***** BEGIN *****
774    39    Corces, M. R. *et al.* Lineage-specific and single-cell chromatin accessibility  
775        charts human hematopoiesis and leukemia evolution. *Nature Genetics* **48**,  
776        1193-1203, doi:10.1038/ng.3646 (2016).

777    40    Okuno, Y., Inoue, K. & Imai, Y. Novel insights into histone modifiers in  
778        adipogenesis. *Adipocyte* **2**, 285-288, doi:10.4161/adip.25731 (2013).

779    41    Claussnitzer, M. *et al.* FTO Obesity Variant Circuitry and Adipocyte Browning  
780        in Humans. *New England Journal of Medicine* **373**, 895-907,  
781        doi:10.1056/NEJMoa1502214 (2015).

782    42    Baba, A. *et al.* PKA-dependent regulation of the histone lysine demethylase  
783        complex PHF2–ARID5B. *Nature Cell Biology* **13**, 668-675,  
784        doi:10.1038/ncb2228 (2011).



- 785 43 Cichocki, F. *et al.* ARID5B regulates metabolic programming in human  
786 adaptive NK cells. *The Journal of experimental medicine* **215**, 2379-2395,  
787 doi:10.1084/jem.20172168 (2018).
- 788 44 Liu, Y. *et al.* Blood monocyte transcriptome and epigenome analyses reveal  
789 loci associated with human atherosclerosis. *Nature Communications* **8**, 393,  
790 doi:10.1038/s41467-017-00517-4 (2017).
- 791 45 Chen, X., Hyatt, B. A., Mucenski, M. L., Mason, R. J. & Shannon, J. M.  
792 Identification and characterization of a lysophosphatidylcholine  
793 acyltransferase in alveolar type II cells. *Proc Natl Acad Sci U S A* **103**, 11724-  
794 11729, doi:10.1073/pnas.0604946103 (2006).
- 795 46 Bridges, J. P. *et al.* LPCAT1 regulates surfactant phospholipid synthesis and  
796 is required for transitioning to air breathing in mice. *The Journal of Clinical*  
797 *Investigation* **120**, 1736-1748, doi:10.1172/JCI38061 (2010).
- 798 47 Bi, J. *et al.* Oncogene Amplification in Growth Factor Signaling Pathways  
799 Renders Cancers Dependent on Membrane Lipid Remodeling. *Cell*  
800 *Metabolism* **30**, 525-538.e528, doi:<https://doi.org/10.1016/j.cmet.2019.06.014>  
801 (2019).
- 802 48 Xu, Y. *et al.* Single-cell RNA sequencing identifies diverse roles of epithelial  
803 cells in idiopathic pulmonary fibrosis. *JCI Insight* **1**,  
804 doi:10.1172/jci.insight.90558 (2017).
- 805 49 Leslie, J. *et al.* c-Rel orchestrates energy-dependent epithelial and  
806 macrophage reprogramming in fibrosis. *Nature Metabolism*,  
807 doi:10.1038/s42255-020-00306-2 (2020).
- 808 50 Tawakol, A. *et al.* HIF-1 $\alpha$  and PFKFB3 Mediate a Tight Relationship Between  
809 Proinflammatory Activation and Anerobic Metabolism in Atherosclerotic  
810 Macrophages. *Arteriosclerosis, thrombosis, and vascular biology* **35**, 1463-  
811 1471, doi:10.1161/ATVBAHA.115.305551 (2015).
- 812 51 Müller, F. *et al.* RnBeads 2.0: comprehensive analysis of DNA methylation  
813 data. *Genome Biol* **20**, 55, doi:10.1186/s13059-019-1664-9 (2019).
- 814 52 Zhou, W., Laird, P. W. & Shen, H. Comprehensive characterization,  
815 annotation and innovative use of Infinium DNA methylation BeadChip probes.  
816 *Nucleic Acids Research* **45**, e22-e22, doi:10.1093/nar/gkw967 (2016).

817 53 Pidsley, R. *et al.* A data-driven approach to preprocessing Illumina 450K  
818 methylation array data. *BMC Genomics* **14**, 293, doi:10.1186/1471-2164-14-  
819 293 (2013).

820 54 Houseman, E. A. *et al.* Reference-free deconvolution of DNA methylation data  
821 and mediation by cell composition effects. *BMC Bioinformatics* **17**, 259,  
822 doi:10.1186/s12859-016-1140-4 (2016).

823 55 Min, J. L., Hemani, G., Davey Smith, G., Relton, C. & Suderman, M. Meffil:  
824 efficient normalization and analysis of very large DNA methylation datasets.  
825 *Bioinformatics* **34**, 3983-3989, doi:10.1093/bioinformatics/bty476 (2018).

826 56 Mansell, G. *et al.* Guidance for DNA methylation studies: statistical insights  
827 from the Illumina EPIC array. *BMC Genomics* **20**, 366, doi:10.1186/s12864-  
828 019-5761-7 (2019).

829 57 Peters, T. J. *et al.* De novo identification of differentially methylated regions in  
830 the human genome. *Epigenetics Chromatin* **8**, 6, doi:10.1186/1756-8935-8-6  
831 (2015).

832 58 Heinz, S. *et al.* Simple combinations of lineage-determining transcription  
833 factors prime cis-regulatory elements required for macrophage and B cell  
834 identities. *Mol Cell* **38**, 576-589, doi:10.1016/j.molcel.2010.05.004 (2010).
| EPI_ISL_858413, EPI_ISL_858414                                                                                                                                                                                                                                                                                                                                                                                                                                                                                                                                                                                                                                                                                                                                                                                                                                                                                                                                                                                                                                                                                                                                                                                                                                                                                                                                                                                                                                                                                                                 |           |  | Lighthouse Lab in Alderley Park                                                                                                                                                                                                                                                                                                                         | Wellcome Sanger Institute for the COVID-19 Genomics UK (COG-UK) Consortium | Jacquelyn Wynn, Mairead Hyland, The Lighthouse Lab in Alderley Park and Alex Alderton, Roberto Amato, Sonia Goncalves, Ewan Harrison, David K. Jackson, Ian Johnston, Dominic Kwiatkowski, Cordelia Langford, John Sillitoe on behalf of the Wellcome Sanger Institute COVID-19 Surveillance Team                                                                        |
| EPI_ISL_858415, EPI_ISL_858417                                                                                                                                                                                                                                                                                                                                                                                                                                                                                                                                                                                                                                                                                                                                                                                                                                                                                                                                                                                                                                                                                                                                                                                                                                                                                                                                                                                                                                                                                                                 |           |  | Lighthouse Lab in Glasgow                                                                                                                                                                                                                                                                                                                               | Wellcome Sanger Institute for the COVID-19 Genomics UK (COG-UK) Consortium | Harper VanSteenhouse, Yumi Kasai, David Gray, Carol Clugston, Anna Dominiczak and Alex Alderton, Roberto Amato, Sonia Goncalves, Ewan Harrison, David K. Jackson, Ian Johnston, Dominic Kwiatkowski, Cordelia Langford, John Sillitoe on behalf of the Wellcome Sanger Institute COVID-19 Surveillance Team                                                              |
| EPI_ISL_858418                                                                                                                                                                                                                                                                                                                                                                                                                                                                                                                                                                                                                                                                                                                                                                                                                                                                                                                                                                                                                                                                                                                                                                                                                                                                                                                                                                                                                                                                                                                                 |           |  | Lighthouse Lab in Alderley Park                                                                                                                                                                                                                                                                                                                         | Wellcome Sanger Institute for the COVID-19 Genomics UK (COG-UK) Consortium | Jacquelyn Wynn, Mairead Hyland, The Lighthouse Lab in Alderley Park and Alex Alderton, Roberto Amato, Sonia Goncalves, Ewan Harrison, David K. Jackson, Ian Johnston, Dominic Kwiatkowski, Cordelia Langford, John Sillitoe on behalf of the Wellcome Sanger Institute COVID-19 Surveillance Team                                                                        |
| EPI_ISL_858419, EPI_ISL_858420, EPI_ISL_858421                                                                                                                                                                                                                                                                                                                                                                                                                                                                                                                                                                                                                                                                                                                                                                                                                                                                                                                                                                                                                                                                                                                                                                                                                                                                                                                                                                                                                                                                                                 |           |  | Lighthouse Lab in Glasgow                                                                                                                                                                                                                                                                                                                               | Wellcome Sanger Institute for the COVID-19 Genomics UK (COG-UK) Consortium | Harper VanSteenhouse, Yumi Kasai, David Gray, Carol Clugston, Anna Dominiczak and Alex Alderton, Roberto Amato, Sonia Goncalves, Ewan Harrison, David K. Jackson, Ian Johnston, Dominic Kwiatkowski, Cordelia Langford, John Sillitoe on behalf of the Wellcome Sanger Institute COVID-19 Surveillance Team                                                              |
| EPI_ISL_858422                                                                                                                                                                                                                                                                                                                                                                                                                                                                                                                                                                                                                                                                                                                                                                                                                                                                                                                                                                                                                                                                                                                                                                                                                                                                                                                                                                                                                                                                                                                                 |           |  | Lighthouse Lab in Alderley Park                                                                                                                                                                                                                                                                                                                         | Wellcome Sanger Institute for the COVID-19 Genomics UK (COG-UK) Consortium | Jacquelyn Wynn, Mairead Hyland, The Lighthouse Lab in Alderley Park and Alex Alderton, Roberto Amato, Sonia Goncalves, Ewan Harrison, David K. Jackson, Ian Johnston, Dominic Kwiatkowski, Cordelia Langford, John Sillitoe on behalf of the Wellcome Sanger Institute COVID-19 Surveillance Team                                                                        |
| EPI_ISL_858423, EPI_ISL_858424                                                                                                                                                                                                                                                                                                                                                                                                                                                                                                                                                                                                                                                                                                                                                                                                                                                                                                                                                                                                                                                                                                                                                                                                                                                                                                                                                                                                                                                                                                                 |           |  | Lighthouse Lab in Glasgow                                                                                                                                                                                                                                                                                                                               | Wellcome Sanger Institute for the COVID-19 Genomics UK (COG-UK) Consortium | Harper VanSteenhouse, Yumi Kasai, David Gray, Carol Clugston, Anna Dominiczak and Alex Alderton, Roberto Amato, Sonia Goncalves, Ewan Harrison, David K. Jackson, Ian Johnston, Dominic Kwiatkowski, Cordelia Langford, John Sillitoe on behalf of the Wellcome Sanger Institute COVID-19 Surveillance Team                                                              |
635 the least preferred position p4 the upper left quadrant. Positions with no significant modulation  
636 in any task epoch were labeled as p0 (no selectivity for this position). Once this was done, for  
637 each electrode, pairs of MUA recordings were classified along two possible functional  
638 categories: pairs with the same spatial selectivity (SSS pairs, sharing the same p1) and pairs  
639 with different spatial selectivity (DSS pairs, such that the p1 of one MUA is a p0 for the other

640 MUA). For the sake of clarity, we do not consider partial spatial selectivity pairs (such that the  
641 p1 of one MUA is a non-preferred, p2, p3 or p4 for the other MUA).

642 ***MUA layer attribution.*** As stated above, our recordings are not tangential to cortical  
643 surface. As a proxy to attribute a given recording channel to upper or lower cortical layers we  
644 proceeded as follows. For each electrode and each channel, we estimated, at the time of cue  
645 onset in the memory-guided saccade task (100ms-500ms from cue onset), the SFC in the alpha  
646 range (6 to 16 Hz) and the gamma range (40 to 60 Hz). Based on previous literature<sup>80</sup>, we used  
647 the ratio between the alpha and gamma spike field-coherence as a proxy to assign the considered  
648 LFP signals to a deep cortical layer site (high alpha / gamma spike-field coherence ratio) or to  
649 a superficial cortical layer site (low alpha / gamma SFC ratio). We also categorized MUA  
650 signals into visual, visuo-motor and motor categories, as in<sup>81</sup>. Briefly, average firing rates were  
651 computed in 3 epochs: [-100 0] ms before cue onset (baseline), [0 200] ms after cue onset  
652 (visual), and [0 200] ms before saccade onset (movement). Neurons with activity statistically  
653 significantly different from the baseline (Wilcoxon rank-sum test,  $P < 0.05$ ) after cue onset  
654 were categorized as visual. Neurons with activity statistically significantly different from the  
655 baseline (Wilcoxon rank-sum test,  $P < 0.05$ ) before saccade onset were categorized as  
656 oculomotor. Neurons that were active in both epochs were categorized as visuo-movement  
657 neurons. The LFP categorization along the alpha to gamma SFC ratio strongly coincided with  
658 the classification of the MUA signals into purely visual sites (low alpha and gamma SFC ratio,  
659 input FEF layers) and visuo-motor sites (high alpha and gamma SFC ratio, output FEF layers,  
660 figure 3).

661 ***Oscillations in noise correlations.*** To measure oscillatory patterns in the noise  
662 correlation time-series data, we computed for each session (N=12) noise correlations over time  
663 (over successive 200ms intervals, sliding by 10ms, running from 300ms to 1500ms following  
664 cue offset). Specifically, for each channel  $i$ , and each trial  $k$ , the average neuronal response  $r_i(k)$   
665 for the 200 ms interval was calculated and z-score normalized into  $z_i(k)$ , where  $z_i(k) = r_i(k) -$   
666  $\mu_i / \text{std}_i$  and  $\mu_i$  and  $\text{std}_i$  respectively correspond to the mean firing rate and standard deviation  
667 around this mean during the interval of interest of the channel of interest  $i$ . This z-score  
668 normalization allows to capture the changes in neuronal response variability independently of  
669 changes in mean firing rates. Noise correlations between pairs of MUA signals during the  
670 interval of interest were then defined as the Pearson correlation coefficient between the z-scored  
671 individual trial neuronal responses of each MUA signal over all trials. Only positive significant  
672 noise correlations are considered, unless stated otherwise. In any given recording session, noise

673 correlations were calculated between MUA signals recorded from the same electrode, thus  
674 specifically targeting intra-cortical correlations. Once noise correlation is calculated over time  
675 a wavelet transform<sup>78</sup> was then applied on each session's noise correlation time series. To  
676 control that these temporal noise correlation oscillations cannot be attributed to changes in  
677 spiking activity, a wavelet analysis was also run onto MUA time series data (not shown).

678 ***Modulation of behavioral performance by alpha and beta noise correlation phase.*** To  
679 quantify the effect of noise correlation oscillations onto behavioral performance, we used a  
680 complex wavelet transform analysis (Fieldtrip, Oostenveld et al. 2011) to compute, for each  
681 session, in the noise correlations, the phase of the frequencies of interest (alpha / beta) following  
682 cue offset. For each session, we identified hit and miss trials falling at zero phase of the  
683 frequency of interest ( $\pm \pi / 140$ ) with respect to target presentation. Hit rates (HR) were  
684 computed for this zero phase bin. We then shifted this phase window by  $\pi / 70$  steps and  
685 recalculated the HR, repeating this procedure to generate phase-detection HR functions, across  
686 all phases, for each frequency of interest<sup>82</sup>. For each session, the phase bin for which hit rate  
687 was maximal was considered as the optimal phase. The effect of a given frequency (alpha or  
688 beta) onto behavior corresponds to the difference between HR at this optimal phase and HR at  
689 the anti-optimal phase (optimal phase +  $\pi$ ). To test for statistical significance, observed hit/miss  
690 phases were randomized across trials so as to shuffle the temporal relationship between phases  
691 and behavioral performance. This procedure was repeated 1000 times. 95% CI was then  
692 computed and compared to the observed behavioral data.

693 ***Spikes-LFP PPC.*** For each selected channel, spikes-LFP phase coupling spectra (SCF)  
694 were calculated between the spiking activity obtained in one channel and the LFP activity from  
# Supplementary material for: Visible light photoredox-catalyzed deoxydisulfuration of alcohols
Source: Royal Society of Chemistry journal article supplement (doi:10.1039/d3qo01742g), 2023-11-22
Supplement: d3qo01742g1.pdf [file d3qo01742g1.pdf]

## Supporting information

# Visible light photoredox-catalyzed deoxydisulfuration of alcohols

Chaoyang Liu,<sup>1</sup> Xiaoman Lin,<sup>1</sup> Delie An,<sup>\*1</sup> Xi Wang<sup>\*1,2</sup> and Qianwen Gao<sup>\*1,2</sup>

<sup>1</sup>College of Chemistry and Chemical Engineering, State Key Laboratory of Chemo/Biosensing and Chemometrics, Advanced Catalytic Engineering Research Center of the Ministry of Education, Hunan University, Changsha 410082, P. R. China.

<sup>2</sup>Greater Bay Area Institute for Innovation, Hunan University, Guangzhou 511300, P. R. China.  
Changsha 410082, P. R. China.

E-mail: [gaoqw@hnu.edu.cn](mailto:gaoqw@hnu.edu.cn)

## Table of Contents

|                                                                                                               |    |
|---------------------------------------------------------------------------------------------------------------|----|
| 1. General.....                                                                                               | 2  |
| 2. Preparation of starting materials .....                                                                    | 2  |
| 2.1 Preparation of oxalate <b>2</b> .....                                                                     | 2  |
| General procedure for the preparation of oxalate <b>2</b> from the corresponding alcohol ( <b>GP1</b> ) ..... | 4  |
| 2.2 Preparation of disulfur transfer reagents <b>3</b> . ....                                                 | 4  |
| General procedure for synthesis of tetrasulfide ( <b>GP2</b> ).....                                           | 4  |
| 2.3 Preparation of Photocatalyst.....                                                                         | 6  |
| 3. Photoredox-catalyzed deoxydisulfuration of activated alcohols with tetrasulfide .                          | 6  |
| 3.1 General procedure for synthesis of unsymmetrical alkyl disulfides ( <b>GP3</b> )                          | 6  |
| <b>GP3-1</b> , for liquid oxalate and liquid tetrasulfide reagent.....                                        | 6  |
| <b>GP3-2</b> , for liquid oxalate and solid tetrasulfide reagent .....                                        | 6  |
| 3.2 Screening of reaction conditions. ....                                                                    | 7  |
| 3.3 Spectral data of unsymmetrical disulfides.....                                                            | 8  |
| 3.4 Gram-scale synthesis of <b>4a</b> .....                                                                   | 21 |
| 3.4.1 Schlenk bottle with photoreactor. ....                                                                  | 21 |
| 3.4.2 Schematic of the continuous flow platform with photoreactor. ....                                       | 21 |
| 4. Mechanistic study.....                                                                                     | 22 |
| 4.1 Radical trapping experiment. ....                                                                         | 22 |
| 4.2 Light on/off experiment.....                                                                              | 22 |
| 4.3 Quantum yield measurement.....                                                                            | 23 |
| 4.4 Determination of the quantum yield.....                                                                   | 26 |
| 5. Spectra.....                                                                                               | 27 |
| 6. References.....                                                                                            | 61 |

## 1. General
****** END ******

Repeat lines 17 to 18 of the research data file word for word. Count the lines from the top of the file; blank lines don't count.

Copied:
790 doi:10.1038/s41467-017-00517-4 (2017).
- 791 45 Chen, X., Hyatt, B. A., Mucenski, M. L., Mason, R. J. & Shannon, J. M.  